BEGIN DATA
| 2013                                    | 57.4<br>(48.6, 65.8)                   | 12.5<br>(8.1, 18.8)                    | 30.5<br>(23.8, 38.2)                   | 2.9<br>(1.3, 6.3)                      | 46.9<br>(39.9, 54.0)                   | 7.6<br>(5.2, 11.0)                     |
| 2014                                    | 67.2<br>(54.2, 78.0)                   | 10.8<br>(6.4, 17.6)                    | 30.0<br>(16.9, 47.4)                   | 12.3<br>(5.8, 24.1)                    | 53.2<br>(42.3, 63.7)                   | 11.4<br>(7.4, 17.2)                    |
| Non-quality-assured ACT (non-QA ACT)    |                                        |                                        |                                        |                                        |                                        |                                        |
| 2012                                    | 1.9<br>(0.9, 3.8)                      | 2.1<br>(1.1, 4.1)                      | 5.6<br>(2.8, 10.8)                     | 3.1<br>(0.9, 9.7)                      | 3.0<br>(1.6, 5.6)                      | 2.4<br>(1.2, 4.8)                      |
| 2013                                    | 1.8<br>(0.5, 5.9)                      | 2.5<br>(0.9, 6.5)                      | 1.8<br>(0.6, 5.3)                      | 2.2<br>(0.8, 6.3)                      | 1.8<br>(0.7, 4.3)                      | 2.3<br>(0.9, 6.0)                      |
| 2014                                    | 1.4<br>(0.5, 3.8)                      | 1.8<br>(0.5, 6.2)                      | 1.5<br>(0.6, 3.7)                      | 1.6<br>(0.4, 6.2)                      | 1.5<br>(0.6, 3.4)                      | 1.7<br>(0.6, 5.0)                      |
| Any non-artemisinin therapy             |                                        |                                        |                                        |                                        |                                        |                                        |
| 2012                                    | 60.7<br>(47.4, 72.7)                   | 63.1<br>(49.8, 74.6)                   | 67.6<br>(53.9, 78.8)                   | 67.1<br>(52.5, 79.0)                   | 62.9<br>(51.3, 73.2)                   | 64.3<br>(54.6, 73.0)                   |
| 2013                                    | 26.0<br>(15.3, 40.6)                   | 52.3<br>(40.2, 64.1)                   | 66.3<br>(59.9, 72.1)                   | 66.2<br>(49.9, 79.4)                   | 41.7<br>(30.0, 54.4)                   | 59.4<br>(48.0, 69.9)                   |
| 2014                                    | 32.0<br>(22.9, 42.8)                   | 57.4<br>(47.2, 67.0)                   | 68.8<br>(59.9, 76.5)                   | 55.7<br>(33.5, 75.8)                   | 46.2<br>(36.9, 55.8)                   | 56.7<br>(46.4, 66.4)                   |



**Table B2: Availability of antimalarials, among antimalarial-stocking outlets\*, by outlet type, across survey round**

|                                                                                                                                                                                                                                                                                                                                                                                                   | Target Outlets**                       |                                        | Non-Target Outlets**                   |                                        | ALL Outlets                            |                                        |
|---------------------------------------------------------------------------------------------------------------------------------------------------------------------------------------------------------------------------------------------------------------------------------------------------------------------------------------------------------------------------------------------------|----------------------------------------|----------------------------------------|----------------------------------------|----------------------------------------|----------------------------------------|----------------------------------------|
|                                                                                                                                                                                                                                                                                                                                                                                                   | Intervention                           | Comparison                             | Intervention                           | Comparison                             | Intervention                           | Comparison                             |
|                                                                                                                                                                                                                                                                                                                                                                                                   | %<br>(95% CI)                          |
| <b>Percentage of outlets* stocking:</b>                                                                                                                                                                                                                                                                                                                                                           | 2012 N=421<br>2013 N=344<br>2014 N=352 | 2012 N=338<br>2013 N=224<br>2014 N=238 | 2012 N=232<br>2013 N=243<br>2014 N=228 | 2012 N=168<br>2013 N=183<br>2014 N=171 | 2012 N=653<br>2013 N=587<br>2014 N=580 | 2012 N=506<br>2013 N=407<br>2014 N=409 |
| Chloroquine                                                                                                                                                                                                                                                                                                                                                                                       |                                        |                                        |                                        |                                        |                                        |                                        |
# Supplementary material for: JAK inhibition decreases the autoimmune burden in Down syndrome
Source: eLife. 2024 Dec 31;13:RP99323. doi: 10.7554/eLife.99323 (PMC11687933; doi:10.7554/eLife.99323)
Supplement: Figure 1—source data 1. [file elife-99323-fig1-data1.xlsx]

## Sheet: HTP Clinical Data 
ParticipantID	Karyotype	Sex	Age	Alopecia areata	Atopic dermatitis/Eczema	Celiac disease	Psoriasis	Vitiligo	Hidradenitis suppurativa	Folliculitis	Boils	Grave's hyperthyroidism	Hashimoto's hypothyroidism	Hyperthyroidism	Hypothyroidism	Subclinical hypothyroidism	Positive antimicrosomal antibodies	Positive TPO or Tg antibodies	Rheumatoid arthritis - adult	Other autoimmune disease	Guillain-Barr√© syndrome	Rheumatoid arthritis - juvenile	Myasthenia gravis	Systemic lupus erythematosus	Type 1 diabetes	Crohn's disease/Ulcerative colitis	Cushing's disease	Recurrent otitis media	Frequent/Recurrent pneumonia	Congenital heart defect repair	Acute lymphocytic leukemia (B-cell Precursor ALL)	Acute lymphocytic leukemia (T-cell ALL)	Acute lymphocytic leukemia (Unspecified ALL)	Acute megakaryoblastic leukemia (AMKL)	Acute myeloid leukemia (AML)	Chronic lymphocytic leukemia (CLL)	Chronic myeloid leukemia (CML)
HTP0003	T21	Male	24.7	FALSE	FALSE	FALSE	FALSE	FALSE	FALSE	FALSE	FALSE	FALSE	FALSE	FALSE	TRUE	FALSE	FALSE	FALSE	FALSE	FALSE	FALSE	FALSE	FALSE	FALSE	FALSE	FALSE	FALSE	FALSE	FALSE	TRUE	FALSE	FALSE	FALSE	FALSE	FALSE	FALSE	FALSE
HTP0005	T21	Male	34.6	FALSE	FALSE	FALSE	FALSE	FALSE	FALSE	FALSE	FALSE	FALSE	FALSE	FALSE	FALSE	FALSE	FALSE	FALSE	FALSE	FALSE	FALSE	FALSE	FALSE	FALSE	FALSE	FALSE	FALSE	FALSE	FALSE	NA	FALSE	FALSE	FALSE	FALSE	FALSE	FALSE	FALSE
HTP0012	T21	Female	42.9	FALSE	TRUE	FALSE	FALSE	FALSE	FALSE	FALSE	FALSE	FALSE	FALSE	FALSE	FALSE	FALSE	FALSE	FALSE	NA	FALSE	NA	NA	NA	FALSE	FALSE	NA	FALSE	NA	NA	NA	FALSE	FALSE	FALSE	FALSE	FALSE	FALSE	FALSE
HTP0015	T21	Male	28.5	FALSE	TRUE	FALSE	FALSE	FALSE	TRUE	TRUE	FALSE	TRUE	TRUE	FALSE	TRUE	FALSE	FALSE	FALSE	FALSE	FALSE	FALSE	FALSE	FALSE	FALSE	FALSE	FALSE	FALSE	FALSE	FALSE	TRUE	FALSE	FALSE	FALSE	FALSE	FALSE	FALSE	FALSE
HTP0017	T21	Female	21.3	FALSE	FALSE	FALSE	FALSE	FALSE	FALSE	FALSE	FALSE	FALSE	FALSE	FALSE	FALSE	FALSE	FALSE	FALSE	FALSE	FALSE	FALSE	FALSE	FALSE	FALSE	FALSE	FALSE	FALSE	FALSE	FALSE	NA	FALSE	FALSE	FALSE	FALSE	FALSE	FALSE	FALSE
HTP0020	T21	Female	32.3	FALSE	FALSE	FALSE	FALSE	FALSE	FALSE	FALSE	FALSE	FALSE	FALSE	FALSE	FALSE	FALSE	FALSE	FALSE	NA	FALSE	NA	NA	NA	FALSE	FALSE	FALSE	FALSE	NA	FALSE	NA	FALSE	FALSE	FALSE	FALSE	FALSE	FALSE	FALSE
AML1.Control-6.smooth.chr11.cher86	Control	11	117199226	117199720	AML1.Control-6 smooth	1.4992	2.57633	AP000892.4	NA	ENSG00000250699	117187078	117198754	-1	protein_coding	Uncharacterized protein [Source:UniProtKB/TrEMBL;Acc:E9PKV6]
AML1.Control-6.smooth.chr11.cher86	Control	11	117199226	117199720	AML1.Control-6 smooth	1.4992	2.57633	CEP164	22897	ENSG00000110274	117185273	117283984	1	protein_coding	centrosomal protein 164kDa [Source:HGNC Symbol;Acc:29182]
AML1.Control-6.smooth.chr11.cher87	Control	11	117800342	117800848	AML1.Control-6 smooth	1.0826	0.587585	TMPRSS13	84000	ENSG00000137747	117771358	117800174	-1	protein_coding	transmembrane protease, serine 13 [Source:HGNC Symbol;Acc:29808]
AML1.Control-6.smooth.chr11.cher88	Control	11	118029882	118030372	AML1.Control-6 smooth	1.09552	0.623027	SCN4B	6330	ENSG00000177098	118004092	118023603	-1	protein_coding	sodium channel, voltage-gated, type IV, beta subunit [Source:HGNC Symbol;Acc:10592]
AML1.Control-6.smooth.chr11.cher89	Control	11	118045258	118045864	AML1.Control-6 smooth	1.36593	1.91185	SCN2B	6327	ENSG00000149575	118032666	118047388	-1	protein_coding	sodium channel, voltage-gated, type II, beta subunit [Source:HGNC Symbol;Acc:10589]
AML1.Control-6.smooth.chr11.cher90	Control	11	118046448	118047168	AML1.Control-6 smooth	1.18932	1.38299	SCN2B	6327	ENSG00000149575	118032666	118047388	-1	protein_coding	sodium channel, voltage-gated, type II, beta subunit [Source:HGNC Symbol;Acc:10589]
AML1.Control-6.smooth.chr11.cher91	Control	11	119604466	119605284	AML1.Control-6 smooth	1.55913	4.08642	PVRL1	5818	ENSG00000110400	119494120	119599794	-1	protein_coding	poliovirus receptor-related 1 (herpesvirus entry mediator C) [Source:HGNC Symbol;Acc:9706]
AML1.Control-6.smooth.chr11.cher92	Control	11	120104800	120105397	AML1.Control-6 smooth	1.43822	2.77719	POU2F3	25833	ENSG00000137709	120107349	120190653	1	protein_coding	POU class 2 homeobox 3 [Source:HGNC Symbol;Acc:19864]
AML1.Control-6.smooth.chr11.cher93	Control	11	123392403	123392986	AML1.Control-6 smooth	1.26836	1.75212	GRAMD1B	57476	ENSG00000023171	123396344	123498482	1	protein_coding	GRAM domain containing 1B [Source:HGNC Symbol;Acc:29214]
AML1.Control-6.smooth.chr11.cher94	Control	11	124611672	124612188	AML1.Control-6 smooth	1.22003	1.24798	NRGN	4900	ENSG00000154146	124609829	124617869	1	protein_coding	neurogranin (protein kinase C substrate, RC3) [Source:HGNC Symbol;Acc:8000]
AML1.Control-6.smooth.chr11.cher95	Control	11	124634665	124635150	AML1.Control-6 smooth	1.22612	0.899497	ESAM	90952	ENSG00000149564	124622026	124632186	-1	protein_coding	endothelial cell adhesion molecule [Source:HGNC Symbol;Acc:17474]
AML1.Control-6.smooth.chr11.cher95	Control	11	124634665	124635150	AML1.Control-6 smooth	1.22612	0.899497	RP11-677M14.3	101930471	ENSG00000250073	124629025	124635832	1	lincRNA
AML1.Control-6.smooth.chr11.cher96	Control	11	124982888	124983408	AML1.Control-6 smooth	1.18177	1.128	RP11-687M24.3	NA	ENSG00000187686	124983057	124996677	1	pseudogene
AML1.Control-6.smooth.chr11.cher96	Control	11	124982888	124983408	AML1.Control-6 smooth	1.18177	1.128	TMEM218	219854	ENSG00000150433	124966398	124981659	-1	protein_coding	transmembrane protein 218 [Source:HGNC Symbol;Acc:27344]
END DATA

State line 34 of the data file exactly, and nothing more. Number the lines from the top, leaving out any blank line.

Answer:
AML1.Control-6.smooth.chr11.cher90	Control	11	118046448	118047168	AML1.Control-6 smooth	1.18932	1.38299	SCN2B	6327	ENSG00000149575	118032666	118047388	-1	protein_coding	sodium channel, voltage-gated, type II, beta subunit [Source:HGNC Symbol;Acc:10589]